Trump should heed a 1974 warning penned by Bush

On Jan. 20, 1969, a throng of Democratic well-wishers gathered at Andrews Air Force Base in Virginia to bid farewell to one of their own, Lyndon Johnson, who several hours before had handed the presidency over to his Republican successor, Richard Nixon. Among them was a lone Republican congressman. “Well, he’s my president and he’s leaving town,” explained George H.W. Bush, the newly re-elected representative from Texas’ 7th District when asked by an LBJ aide why he was there and not at Nixon’s inaugural parade. “And I didn’t want him to leave this town without my being out here and paying my respects to him.” It was a gesture that Johnson would never forget.

On the same day, 24 years later, Bush, then an outgoing president himself, would leave a now-famous handwritten note for his Democratic successor, Bill ClintonWilliam (Bill) Jefferson ClintonJudiciary members battle over whether GOP treated fairly in impeachment hearings Lawmakers clash on Trump, Clinton impeachment comparisons Live coverage: House panel debates articles of impeachment MORE, who had beaten him out of a second term in the election of 1992. “You will be our president when you read this note,” Bush wrote. “I wish you well. I wish your family well. Your success is our country’s success. I am rooting hard for you.”

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Our president. It was, as Clinton told me recently, “vintage George Bush,” reflecting, as with his gesture to LBJ, Bush’s instinct to put country over party and his reverence for the institution of the presidency.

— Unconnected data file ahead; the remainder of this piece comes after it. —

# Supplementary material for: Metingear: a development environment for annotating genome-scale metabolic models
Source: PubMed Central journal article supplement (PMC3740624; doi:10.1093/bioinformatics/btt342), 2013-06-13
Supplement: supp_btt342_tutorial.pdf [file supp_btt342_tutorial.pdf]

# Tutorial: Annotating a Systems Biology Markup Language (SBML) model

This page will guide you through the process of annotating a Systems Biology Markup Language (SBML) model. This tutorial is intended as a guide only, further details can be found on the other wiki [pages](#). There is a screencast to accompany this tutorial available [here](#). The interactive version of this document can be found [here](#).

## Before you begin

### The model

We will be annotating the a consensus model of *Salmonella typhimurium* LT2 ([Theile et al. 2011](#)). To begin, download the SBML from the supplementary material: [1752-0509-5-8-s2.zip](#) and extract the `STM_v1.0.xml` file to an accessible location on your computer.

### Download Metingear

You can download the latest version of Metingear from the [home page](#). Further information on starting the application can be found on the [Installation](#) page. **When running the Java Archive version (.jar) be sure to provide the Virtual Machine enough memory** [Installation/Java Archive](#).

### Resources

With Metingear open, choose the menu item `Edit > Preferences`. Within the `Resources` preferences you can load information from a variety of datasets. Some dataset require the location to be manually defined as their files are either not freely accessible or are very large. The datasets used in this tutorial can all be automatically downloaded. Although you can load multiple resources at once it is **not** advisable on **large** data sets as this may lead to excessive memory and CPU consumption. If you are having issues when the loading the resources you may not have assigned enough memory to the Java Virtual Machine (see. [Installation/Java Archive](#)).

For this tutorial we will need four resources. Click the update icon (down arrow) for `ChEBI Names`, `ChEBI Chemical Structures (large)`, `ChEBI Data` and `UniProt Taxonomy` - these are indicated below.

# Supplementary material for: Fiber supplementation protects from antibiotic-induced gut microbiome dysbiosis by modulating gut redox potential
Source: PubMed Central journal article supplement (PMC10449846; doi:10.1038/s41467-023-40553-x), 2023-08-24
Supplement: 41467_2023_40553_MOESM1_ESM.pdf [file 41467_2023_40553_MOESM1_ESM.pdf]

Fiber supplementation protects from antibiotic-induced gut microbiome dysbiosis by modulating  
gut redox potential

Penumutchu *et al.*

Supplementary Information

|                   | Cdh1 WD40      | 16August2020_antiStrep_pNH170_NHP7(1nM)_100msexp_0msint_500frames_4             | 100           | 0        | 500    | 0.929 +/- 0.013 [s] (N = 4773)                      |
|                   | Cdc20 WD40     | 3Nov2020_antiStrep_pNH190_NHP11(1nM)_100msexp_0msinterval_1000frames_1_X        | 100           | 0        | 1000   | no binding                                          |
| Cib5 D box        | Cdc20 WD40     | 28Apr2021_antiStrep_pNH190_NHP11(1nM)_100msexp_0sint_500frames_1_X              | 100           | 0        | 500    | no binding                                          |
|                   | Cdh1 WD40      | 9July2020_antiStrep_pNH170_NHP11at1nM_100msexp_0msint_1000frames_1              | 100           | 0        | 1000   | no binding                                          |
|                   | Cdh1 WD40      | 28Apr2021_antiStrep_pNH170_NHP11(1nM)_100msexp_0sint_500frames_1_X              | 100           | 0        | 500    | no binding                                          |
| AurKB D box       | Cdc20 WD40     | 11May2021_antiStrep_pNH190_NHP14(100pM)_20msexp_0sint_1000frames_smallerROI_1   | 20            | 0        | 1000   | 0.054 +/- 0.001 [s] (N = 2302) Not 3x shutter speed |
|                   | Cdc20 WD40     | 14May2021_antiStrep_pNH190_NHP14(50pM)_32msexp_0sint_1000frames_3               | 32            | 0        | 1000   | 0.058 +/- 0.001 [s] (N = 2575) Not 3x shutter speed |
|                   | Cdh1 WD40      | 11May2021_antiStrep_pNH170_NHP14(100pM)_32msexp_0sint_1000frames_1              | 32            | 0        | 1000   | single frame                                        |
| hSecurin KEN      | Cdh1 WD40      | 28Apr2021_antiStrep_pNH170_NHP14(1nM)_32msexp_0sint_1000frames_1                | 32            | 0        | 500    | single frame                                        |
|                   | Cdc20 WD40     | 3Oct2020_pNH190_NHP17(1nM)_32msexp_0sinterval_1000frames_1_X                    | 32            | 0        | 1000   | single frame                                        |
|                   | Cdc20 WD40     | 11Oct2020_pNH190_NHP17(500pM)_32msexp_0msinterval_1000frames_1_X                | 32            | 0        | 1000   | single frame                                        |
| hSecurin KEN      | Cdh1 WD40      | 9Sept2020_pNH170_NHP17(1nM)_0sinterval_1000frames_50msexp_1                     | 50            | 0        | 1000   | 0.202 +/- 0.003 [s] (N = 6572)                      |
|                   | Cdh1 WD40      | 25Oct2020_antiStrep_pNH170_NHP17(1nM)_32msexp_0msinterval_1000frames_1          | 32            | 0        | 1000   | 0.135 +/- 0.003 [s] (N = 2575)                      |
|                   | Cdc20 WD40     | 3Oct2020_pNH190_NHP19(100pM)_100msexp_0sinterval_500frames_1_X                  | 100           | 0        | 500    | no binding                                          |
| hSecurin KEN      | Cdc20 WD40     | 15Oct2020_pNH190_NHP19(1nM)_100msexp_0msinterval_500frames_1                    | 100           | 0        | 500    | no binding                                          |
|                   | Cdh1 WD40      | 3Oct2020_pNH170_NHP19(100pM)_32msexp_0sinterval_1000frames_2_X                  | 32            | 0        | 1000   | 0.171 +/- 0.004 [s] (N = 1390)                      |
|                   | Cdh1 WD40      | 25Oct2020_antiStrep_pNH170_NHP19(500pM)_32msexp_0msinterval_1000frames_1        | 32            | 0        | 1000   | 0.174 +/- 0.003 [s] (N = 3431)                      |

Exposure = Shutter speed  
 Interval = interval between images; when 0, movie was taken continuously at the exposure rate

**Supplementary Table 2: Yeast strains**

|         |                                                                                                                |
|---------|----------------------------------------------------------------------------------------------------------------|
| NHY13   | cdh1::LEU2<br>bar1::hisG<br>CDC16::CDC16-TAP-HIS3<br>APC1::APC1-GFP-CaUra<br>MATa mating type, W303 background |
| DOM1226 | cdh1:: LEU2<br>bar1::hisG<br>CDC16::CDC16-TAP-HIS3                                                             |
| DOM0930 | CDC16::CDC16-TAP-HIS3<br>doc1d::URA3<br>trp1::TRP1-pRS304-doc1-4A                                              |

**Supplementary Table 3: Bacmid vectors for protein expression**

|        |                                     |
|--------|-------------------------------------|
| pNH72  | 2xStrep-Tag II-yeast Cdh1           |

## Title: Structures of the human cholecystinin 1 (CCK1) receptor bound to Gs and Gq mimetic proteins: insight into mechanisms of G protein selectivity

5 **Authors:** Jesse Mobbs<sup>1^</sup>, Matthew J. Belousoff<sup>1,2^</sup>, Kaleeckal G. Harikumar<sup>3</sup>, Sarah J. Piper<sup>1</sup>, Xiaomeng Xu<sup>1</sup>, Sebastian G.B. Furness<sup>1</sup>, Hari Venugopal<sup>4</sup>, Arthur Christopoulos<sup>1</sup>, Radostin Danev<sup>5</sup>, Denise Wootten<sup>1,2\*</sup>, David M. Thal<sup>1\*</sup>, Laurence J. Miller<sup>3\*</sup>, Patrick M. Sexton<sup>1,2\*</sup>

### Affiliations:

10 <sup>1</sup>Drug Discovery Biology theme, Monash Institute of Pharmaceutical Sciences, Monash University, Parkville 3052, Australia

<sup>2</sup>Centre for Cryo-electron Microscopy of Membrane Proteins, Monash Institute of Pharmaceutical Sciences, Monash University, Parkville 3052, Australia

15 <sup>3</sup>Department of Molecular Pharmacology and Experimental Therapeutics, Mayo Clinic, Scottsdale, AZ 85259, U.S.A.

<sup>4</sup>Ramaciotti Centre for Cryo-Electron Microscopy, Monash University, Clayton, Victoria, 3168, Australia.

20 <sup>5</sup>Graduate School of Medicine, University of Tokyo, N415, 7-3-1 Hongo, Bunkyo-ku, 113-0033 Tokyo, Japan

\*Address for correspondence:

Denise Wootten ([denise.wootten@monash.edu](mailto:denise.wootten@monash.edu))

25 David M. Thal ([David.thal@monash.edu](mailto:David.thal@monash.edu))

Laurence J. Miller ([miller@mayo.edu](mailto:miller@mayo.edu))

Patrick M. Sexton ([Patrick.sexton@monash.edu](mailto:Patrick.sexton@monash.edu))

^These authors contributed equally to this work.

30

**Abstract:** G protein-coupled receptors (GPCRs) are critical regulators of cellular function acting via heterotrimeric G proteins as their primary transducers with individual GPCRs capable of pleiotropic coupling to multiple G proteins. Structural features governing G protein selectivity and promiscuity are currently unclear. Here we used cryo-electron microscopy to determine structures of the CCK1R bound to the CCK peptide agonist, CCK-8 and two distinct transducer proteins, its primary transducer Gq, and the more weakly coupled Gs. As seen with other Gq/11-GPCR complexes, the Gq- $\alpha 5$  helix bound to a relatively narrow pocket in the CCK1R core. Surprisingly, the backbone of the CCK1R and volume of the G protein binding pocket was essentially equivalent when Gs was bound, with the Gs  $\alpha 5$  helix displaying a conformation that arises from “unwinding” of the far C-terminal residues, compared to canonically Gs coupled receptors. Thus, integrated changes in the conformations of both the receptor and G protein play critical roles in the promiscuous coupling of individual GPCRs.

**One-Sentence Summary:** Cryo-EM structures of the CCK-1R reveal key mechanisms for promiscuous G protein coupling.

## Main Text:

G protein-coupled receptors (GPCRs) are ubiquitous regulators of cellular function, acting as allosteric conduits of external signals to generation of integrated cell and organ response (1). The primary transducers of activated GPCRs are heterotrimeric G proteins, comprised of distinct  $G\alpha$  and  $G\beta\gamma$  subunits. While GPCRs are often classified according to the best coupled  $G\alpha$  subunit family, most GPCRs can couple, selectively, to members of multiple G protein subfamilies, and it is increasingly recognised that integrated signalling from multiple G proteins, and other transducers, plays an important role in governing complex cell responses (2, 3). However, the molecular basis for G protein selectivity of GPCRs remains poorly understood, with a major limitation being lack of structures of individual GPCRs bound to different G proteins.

It was no great surprise, then, that Bush allowed for the invitation of President Donald Trump to his funeral service at the National Cathedral this past week. This, despite the fact that he considered Trump, as he told me two-and-a-half years ago, “a blowhard.” “I don’t like him,” he offered five months before Trump unexpectedly won the presidency in 2016, “and I’m not excited about him being a [political] leader.” Bush cast his vote for Hillary ClintonHillary Diane Rodham ClintonBiden hires Clinton, O'Rourke alum as campaign's digital director Trump neck and neck with top 2020 Democrats in Wisconsin: poll Clinton tweets impeachment website, encourages voters to 'see the evidence for themselves' MORE but, like it or not, Trump became our president. Of course, Bush would make sure he was invited to his funeral — albeit not given the chance to eulogize him as he almost certainly would have any of the other incumbent presidents who succeeded him.